In the midst of the very same economic turmoil that set Law Firms spinning in 2007, a number of medical care professional organizations came together to craft the Patient Centered Medical Home (PCMH).  The PCMH is part manifesto, part best-practice guidelines, designed to put patients at the center of their own medical care. I believe the use of the word “home” in this case muddles the meaning, but it’s intended to be less off-putting and more inviting to patients than the words “Medical Practice”.  The PCMH model, is an attempt to re-engineer the practice of medicine from the unholy mess that naturally evolved between the interactions of hospitals, doctors, government agencies, and insurance companies in the late 20th century, into an efficient 21st century medical care machine, with patient well-being as its primary focus.

There are four areas that the PCMH addresses:

Team-based Primary Care is about doctors sharing the responsibility for patient primary care with “nurses, care coordinators, patient educators, clinical pharmacists, social workers, behavioral health specialists, and other team members.”(1)  Historically, doctors have been very proprietary with patient access, refusing to allow other doctors, or especially non-doctors, to treat their patients. In a PCMH, data and records are openly shared (within appropriate regulatory guidelines) and primary patient care is a group effort.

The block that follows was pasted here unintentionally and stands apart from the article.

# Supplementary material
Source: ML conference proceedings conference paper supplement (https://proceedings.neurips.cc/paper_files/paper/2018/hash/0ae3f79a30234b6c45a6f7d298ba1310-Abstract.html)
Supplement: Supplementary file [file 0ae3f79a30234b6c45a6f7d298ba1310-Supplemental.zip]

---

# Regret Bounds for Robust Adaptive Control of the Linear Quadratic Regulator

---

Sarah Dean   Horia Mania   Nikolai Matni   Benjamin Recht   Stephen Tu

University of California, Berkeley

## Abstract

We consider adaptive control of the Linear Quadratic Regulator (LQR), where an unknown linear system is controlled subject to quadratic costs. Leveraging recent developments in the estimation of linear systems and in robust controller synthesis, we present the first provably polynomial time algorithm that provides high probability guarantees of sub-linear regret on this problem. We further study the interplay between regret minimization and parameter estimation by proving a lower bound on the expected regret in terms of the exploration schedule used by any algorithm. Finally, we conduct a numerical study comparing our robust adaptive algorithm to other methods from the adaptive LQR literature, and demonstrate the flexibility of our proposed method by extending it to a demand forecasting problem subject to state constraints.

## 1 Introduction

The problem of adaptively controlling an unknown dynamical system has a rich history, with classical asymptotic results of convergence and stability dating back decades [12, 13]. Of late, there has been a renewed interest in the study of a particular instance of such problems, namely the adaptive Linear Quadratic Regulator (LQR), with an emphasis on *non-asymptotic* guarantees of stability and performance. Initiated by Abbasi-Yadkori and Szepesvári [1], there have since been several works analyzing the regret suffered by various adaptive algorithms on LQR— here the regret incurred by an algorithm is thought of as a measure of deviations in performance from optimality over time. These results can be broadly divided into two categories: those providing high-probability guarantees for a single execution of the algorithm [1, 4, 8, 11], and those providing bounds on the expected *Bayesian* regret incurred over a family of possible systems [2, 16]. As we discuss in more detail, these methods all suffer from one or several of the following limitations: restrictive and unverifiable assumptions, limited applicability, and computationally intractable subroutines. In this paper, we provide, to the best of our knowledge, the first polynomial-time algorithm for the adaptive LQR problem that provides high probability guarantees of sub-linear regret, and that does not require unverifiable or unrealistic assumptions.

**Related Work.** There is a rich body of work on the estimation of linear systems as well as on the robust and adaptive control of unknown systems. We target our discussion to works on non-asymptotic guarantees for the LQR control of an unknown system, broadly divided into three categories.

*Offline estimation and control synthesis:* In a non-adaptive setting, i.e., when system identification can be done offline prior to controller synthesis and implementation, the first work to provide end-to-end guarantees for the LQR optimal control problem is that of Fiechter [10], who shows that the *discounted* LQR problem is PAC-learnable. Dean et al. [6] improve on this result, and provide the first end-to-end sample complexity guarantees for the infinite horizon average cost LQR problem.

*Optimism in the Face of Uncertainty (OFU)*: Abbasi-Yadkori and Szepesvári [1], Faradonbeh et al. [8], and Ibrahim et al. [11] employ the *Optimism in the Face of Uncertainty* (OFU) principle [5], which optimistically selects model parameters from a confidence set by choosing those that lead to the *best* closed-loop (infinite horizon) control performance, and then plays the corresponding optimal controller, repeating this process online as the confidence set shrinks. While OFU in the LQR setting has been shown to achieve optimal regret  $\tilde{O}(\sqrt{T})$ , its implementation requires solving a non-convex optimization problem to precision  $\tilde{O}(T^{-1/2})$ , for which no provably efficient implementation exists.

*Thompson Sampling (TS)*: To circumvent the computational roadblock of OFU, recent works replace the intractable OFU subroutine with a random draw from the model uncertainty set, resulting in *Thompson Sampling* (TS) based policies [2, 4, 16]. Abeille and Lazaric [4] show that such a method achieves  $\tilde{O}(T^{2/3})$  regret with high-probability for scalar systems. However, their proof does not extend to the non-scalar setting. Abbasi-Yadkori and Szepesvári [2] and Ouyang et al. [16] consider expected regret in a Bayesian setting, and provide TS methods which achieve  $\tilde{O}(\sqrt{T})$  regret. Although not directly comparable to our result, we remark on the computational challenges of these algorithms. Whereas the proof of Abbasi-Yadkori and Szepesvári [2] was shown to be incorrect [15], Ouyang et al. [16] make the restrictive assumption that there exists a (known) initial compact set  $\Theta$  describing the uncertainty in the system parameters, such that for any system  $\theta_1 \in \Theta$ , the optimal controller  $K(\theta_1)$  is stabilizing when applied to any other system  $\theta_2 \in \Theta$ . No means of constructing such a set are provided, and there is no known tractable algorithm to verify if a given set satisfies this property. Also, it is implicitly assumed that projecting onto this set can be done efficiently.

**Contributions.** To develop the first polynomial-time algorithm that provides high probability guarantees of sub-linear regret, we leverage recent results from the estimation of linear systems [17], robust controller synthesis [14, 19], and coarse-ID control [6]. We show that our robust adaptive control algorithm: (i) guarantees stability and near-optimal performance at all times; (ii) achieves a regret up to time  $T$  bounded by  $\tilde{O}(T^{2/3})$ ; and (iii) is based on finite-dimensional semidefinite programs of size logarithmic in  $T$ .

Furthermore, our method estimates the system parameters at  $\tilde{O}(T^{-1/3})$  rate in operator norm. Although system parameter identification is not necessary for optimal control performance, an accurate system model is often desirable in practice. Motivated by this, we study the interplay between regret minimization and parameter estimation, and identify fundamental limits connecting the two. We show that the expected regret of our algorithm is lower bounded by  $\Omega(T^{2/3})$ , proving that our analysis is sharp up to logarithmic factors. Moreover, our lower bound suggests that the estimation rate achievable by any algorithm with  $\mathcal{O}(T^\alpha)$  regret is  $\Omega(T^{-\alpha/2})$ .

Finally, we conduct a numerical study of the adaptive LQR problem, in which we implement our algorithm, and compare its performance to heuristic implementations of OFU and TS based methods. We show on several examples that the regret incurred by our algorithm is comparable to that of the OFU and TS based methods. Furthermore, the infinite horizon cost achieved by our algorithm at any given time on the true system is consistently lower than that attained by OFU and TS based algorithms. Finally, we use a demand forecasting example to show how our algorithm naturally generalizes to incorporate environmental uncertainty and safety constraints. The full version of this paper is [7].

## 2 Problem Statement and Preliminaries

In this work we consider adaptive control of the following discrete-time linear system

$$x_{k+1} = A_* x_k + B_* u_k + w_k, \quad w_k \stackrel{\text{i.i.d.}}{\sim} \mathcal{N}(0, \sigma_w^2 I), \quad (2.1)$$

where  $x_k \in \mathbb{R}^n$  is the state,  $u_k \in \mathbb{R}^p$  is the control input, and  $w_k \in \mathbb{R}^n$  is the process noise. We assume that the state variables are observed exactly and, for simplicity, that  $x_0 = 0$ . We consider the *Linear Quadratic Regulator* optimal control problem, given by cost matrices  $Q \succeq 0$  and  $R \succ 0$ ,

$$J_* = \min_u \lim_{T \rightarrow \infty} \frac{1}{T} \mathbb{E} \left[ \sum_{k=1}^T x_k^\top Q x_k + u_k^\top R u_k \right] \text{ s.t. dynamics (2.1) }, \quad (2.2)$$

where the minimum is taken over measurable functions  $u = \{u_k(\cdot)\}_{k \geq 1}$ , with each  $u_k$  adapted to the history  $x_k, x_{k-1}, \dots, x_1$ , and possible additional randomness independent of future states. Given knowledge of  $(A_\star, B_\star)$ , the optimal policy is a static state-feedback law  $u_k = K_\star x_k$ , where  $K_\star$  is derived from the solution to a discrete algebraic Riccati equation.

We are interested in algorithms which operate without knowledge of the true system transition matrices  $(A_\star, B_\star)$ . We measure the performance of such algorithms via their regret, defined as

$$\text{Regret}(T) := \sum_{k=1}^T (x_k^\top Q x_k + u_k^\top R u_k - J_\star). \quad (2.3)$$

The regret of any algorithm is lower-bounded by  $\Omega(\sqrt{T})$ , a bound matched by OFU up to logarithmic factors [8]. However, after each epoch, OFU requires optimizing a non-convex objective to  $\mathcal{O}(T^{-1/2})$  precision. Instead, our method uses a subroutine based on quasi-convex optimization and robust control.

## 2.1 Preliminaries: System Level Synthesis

Active Patient Involvement is making patients active participants in their medical care, rather than passive recipients of treatment.  This requires the help of the larger team to educate and work with the patient to arrive at the best course of action.

Evidence-based Practice Improvement means applying the scientific method to common medical procedures, which sounds obvious, but has not always been the case.  Doctors often believe that the way they have always done something is the best way to do it.  Practice improvement challenges the status-quo by testing and confirming best practices with actual data rather than anecdotal evidence.

And finally, Payment Reform is restructuring the way that doctors and insurance companies are paid to align the financial incentives in the medical industry with the needs of the patient, instead of the needs of the medical practitioners or insurance companies.

This sounds great, but the value is not in defining the areas that need reform, but in actually creating a clear path to get there.  There is a regulatory component to the PCMH that is administered by a non-profit organization called the National Committee for Quality Assurance (NCQA).

NCQA has established clear guidelines for any medical practice to qualify as a PCMH.  They’ve broken the guidelines down into 6 distinct Standards which each include between 2 and 7 individually scored elements and a single Must-Pass Element. The Must-Pass Elements are:

1) Access During Office Hours;
2) Use Data for Population Management;
3) Care Management;
4) Support Self-Care Process;
5) Referral Tracking and Follow-Up; and
6) Implement Continuous Quality Improvement.